So many of us try to get our kids to taste new foods by making eating into a game. We think that we are eliminating pressure by having them simply smell or lick new foods.

However, even though our intentions are in the right place, kids can feel manipulated. Instead, allow them to pick and choose what they want to eat from a variety of foods, including those that are familiar and comforting.

6. Making alternative meals.

When we cater to our kids, no one wins. We implicitly teach them that they cannot learn to like new foods. Then, they lose faith in themselves as great eaters, and become “picky”.

The most effective, proven way of teaching our kids to eat new foods is twofold: 1) serve new foods alongside comforting foods and 2) remove any pressure to try them.

When there is no longer a power struggle, kids will be more connected to their natural desire to try new things, including food.

7. Withholding certain foods.

Even bread and pasta lose their thrill when kids are given opportunities from time to time to eat as much as they’d like to have. Their natural desire for variety kicks in when they are no longer feeling defensive and anxious about wanting to eat their favorite, comforting foods.

8. Praising kids when they try new foods.

It’s natural to want to cheer on our kids for doing a great job. With eating, however, we need to be careful not to connect our acceptance of our kids with what they eat. They will worry that we don’t accept or approve of them when they don’t want to eat something new.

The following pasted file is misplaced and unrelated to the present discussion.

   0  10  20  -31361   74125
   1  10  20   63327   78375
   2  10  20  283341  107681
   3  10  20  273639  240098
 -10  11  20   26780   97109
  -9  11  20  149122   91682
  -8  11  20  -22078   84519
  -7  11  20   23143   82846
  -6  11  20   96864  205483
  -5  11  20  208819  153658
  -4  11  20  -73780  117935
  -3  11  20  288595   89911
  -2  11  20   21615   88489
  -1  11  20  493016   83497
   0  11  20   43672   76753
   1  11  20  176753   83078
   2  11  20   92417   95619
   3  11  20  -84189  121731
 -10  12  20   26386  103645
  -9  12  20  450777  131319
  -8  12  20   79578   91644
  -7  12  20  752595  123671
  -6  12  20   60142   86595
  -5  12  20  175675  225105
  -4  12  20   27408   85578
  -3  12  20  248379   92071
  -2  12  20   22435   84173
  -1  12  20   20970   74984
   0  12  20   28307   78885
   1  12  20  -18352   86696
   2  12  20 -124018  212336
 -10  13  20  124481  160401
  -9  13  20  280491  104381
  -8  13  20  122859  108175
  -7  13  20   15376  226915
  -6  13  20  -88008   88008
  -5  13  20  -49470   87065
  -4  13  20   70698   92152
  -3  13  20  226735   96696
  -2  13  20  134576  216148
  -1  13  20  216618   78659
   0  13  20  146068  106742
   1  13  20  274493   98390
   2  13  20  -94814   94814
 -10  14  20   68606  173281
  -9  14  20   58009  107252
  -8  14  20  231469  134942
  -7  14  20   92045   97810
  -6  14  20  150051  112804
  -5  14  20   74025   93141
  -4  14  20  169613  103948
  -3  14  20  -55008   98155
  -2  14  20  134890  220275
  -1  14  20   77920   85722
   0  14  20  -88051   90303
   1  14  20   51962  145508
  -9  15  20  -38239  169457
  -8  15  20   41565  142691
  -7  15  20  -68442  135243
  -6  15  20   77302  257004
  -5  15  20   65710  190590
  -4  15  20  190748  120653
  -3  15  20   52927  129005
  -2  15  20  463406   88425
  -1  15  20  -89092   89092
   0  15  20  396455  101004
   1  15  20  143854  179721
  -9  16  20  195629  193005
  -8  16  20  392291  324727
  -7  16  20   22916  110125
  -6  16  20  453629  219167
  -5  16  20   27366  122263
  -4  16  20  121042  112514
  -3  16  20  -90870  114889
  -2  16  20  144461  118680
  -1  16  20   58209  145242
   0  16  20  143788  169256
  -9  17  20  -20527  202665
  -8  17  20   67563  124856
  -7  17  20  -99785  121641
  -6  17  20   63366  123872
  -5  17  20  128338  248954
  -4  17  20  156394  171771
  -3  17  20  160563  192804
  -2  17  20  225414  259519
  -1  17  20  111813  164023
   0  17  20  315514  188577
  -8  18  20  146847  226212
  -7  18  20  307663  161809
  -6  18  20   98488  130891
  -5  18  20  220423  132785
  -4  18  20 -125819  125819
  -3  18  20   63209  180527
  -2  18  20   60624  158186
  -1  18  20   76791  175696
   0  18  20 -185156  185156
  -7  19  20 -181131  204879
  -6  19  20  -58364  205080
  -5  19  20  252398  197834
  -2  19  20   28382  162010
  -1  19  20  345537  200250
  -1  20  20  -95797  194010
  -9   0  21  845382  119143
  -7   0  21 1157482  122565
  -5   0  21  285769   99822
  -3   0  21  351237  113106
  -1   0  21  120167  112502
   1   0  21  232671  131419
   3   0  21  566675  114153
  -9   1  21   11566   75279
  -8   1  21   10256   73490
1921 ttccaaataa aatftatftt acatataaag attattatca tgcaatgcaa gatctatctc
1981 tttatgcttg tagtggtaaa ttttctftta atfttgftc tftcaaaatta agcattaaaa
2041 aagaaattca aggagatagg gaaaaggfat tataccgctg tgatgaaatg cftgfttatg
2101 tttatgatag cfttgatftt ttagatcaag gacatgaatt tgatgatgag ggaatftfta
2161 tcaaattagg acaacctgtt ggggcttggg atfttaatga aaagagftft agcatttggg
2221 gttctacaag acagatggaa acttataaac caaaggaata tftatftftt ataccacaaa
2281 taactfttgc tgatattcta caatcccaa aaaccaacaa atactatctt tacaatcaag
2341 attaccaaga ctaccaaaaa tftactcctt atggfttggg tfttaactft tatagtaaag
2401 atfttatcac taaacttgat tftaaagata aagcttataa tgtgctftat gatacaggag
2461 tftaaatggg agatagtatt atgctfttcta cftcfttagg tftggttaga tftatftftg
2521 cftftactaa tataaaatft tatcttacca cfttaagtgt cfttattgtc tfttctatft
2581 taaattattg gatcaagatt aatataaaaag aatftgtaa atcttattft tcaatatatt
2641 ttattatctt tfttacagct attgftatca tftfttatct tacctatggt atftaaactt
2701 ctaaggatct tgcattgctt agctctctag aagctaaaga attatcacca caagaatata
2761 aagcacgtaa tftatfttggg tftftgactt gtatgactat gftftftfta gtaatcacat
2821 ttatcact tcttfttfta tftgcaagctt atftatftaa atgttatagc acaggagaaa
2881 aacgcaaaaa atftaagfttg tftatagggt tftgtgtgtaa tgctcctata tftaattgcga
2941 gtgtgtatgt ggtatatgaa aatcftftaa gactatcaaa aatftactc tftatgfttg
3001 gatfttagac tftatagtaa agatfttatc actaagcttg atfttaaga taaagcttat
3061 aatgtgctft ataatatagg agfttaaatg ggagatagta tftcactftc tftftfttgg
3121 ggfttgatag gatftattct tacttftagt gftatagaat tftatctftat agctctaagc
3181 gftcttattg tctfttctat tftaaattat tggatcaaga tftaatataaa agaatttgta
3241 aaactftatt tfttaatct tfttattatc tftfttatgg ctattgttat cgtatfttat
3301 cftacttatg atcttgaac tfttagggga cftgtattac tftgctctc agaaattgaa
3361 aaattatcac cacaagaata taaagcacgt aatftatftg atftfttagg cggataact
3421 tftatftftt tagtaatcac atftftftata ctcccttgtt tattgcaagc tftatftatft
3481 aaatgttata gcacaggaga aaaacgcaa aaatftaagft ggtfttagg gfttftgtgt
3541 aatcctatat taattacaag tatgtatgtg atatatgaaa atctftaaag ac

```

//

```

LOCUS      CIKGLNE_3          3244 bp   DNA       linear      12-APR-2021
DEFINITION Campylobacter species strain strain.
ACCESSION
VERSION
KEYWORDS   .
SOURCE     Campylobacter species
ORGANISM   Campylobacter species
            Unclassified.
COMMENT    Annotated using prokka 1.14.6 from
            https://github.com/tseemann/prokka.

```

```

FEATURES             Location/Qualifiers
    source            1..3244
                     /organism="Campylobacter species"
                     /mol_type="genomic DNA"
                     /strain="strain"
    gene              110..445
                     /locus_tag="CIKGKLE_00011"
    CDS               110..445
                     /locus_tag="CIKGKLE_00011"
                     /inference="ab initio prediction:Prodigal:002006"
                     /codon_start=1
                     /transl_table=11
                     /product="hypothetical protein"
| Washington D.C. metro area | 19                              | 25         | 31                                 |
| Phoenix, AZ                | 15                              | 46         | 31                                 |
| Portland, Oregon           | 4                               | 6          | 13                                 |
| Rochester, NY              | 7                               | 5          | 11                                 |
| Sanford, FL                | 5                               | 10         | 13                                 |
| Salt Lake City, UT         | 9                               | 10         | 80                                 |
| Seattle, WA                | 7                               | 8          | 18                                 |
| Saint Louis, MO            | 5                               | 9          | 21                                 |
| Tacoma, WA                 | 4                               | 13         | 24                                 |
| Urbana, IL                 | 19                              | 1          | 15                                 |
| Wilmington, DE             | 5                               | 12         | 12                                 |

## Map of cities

Instead, save the praise for behaviors such as sitting still or using good manners and allow their eating to be neutral.

9. Serving vegetables first.

Kids want to please their parents, so if they are not eating vegetables, then there is a reason.

Often, toddlers and preschoolers use food to show their independence, which is a natural and healthy developmental phase. Other kids can taste the bitter compound in green vegetables during the ages of 2 – 6.

Instead, learn how to undo negative associations with vegetables and teach kids how to like veggies without any pressure.

10. Restricting certain types of foods or portion-controlling.

Any form of restriction will eventually backfire. Kids will find opportunities to eat the foods they crave, and they will eat more than they would have if they hadn’t been restricted.

Allowing our kids to overeat and find their own limits is more empowering and nurturing than distrusting them to find their way.

It’s not easy to relinquish control because we worry about our kids weight, their health, and most of us were taught that controlling what our kids eat makes us good parents!

However, our biggest mistake is trying to prevent our kids from making their own mistakes, and that includes with eating.

The only way they will learn how to make healthy choices and eat in moderation is through trial and error, and our job is to support their journey, even if it makes us uncomfortable.

[Was this article helpful? If so, please share it with all your friends and family so they can get the help they need, too!]